The caste system in classical music places instrumentalists in hierarchies of expectations, with the violinists at the top, and descending somewhat in score order, though truthfully, bassists probably face the same prejudices as bassoonists when it comes to concerti. Woodwinds are not expected to have the mental capacity to memorize, though it is never stated as bluntly. We are to know our place, do our jobs, and not aspire to the limelight. Well, fuck that.

Luckily, my brilliant senior teachers at Curtis, Bernard Garfield and Sol Schoenbach, both believed that we can and should memorize. As an added bonus, they completely believed that women were strong and capable and encouraged me to go as far as I wanted, but the biggest obstacle was often my own self-doubt. And since we encounter all kinds of teachers and influential colleagues, it took me many years to realize that not all great colleagues have all the information that we need, and that is ok. We can be uplifted by our teachers, or our teachers can present useful obstacles that we can intentionally demolish in our own good time.

Memorizing music comes very quickly to me. But that is never the biggest challenge.  After learning the other parts, understanding the structure and harmony to the best of my ability, the MOST important thing for me is drilling the music in such a way that when the demons of self-doubt arise, I will not sabotage myself. That is the greatest part of my work.

And honestly, it doesn’t harm me to put in the extra work to engrave the music into my memory, but it does require access to time. Creating time means identifying your purpose to memorize and to start immediately.

Memorizing is a skill that grows with experience. The time that you put into memorizing one concerto will make it a thousand times easier to memorize your orchestral excerpts and other concerti or whatever it is you wish to make your own through memorizing.

Also, the intention carries forward from one effort to the next. Even if you cannot achieve full memorization for a certain performance, you will for the next. Don’t give up.

I have encouraged my students to memorize, and some of them come to it easily while others are more like me in that they need to work it out over time. How you get there doesn’t matter.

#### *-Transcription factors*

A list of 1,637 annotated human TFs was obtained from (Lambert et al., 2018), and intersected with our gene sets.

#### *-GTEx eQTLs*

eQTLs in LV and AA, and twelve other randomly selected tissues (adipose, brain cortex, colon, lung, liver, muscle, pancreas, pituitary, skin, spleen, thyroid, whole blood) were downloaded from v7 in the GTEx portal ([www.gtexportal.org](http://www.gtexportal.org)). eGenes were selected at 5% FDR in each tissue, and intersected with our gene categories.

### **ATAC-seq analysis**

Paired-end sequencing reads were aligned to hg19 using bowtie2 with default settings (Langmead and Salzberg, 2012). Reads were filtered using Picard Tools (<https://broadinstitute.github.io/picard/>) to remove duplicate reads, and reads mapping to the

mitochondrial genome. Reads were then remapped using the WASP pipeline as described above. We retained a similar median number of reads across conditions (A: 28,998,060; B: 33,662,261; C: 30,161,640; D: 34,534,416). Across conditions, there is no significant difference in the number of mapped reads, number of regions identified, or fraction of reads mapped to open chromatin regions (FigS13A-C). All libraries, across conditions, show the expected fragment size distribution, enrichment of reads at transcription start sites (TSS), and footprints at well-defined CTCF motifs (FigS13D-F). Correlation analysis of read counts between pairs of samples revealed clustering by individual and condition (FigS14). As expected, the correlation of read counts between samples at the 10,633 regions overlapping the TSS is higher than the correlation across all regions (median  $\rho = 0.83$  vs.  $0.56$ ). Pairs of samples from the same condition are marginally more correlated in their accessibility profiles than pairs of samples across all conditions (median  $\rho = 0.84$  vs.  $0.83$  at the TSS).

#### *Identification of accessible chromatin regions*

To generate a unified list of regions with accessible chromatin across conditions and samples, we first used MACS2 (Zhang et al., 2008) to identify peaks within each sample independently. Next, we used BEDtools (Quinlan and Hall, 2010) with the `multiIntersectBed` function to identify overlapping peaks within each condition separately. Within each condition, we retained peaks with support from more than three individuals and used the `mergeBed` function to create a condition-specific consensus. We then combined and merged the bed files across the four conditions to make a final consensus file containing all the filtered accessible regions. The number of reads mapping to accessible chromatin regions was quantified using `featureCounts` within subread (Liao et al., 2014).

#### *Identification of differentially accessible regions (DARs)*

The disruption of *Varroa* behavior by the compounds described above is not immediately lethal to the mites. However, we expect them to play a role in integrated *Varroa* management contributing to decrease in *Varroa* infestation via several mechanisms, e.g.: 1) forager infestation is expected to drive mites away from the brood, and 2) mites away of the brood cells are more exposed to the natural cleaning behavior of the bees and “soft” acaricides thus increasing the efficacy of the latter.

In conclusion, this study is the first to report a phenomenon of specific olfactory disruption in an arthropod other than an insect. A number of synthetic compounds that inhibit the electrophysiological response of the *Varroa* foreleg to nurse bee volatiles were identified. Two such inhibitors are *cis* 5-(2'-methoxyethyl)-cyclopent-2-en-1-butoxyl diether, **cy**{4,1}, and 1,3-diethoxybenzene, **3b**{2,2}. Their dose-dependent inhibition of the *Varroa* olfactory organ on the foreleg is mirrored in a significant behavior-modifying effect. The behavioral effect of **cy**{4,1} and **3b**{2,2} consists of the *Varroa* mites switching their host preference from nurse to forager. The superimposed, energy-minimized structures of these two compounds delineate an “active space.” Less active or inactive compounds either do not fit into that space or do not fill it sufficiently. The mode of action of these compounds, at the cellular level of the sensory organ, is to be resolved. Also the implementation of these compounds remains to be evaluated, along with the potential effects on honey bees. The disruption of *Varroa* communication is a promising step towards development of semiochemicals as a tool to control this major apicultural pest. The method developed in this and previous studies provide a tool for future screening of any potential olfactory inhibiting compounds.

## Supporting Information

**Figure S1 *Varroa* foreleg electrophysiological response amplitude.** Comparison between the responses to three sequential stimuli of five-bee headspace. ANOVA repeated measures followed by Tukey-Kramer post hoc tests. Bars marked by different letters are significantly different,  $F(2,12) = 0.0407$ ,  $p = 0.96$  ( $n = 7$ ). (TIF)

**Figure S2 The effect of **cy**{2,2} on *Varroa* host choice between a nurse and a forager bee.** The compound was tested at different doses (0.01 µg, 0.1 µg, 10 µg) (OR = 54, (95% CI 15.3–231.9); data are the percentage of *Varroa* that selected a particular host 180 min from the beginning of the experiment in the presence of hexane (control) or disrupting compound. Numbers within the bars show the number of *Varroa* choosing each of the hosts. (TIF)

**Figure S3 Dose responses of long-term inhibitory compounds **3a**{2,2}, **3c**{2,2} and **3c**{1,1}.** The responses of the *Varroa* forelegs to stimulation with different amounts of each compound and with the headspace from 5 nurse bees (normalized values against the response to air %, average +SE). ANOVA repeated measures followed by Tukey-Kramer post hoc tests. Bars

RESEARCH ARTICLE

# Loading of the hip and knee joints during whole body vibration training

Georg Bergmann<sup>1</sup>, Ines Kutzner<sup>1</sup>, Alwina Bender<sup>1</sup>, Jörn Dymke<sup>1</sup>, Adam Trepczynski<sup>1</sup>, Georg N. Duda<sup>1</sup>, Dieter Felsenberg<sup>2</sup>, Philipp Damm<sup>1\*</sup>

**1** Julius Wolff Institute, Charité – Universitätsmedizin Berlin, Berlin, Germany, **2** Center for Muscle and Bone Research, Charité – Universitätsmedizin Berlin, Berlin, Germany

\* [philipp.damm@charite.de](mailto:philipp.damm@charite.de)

Rehearsing Oddbird Concerto with Michael Hall and Sudbury Symphony Orchestra

Rehearsing Mathieu Lussier’s Oddbird Concerto with the Sudbury Symphony Orchestra, September 22, 2023 with Michael Hall, conductor. Photo probably by Maggie Niro🙂

Recently, I performed Mathieu Lussier’s Oddbird Concerto with the Sudbury Symphony Orchestra, led by Michael Hall. This exceptionally musical conductor also performed the concerto by memory, which was a novel experience for me. I have performed with many great conductors, but none who felt comfortable enough to be off-book in a new bassoon concerto.

Memorizing new concerti takes extra time. And remember to prepare yourself for all other aspects of the experience, from imagining different conductors, where you will be standing, whether the conductor is on a podium or not, whether the orchestra can handle your tempi. . . imagine lots of possibilities and prepare for those too. Imagine stopping and starting, sometimes repeatedly, while the conductor rehearses the orchestra.

The great trombonist, Alain Trudel told me that when he first performed from memory (something that he is remarkably skilled at doing), he would increase the discomfort level by working in smaller and smaller rooms, and finally, by inviting all of his friends to cram into a closet-like space while he blasted through some fabulous trombone concerto. Admittedly, this is a pre-covid strategy, but use your imagination and embrace novel challenges that will train your nerves and strengthen your purpose.

Here is my current process.  You can mix and match. Some things are essential (bold print), others can be exchanged. Try it out for yourself. Talk to others about how they memorize